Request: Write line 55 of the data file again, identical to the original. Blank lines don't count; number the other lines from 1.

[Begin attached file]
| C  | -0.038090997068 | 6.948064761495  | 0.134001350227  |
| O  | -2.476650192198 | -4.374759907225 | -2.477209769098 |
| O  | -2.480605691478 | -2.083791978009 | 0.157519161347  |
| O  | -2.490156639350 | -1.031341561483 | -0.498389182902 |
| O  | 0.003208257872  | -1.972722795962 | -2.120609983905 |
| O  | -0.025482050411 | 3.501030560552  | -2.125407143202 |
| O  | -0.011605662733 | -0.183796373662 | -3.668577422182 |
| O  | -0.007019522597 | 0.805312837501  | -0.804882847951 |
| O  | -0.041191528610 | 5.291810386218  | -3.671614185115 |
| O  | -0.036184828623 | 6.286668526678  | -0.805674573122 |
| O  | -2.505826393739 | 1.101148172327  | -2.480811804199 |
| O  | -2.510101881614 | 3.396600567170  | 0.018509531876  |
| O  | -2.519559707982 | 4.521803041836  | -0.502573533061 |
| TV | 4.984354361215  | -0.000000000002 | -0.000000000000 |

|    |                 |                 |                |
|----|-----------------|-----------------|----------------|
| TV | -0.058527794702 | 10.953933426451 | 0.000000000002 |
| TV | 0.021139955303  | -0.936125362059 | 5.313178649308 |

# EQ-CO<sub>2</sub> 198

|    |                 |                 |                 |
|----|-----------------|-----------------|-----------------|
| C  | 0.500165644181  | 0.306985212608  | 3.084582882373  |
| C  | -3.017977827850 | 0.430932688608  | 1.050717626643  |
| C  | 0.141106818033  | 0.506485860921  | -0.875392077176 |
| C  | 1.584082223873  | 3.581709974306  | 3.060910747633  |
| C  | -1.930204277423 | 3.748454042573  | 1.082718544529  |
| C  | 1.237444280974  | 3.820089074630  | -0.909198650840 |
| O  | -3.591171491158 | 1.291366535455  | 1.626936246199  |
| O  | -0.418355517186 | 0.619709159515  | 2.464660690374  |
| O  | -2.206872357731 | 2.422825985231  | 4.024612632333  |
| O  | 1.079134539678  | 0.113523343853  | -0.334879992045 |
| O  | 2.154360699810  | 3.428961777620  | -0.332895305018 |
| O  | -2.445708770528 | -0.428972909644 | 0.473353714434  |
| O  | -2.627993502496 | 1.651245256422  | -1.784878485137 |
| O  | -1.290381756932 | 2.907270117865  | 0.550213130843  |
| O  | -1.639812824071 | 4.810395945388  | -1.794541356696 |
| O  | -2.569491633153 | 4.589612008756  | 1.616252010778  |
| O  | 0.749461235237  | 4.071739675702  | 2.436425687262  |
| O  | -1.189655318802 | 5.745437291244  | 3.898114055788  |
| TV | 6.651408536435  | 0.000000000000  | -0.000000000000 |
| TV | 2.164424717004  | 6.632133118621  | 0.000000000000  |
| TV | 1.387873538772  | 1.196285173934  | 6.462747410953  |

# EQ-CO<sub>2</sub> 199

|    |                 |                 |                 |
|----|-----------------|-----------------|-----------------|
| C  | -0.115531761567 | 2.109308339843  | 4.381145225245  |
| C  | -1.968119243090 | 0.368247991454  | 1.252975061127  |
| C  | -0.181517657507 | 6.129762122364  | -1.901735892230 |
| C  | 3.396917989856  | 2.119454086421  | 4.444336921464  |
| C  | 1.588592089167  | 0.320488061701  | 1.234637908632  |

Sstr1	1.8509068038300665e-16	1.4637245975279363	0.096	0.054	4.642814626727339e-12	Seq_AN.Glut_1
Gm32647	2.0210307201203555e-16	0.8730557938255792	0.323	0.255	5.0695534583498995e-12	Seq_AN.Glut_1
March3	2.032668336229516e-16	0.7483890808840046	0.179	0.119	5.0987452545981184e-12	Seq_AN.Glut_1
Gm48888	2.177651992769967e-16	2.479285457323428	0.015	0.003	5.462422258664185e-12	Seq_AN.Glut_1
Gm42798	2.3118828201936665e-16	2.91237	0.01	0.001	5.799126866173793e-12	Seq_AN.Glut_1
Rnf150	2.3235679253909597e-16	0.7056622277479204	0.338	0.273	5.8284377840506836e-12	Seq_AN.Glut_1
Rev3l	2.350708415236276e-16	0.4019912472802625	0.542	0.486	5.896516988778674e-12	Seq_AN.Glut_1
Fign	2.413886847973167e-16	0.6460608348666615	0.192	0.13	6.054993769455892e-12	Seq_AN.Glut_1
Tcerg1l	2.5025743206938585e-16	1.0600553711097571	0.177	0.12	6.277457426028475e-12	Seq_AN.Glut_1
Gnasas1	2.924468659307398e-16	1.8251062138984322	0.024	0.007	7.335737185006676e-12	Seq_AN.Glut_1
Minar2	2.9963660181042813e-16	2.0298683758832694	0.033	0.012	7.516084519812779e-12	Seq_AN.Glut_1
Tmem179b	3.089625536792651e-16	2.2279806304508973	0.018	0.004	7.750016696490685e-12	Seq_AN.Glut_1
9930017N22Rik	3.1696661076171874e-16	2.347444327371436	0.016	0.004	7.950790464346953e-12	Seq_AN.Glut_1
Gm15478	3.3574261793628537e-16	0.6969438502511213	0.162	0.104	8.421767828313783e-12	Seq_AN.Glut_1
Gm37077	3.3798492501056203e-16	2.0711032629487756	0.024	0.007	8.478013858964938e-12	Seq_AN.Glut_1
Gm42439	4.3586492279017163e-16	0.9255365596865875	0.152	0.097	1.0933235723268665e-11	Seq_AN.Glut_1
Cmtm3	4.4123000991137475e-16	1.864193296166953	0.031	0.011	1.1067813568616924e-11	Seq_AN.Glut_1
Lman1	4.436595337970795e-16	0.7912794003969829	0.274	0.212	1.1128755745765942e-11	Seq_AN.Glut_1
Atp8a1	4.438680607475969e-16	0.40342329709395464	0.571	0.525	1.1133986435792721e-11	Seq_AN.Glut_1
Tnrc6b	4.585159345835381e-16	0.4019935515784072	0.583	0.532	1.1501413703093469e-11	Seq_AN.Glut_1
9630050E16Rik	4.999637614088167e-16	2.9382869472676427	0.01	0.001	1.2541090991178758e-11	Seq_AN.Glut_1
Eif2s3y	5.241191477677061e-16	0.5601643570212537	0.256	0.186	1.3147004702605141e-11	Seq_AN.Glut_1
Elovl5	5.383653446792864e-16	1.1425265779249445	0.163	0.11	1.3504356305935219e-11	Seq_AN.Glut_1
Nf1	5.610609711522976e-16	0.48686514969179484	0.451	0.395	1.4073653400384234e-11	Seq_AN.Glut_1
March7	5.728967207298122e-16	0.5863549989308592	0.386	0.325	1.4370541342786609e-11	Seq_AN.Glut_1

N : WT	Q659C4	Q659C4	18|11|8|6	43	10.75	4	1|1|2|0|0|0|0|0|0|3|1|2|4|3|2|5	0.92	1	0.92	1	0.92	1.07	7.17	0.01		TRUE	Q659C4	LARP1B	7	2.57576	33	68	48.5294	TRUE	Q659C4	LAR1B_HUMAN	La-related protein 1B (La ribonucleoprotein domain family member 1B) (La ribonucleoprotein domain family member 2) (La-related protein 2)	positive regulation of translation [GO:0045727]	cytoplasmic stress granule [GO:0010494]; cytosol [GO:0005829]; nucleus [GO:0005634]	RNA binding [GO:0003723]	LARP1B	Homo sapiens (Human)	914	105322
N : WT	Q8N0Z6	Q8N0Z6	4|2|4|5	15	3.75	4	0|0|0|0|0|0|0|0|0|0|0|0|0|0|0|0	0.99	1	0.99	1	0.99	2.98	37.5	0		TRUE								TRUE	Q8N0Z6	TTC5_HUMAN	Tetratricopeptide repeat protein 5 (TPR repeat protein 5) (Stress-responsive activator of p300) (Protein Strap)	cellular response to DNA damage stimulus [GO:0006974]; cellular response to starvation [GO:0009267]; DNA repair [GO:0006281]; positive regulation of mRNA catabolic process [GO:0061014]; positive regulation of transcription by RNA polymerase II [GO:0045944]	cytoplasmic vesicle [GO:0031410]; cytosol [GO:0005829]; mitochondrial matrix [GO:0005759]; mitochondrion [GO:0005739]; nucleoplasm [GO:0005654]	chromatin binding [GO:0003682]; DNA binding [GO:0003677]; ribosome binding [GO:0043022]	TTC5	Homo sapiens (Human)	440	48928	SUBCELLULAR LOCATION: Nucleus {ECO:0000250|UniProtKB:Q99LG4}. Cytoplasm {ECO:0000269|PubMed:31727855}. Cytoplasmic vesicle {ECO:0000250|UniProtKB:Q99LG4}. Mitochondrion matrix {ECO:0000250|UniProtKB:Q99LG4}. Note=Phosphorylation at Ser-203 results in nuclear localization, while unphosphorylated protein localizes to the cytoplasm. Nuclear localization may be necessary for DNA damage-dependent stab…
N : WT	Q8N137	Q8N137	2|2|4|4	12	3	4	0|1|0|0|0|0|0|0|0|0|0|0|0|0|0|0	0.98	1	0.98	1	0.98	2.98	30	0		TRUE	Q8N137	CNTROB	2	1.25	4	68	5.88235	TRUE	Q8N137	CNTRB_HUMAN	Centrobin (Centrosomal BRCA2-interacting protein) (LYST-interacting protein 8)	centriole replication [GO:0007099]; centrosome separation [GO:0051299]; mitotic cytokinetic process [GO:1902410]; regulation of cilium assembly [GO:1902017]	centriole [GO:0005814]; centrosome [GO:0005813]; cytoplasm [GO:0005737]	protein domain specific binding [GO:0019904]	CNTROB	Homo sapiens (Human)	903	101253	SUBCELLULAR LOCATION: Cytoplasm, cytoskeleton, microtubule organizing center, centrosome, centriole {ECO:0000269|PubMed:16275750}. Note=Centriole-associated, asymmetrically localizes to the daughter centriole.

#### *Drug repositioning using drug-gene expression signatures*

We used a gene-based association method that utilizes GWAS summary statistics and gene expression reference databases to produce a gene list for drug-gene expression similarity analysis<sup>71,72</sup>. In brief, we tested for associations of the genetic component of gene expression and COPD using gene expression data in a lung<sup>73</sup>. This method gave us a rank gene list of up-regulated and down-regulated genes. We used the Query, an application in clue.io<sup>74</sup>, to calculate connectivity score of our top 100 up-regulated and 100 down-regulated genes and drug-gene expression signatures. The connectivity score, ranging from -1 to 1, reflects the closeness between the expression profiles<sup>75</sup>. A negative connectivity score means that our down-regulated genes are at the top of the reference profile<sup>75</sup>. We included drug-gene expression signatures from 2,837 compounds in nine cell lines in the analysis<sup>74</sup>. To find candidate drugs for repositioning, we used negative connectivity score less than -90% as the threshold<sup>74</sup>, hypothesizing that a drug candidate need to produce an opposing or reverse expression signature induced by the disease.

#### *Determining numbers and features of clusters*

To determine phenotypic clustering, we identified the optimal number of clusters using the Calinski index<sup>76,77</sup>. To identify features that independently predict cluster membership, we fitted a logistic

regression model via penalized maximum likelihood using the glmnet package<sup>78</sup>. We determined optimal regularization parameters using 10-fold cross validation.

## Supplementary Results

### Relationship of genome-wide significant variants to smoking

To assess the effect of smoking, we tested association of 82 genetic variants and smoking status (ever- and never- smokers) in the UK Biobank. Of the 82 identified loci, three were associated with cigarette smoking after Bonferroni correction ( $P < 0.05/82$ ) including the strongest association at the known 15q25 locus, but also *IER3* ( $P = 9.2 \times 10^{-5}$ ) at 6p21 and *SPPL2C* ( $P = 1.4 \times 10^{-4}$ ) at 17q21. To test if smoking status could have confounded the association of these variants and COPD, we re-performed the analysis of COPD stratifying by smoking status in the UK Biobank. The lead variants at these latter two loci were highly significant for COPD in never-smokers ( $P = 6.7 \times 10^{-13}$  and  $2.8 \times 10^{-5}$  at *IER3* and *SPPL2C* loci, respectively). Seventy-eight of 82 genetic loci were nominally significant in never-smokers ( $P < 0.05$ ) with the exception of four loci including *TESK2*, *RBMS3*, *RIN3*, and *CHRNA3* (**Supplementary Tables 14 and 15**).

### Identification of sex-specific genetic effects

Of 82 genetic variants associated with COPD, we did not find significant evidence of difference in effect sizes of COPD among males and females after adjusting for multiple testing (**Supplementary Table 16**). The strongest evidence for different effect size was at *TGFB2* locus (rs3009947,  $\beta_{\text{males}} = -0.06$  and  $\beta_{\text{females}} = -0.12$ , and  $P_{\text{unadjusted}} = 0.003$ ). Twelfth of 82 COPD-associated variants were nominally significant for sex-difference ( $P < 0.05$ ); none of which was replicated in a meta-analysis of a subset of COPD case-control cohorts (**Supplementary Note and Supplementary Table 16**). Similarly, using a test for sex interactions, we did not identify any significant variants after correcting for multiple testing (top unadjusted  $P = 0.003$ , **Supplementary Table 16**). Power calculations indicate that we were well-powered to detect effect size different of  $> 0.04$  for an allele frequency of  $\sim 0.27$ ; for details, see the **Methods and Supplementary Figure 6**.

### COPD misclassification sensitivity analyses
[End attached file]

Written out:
Gm42798	2.3118828201936665e-16	2.91237	0.01	0.001	5.799126866173793e-12	Seq_AN.Glut_1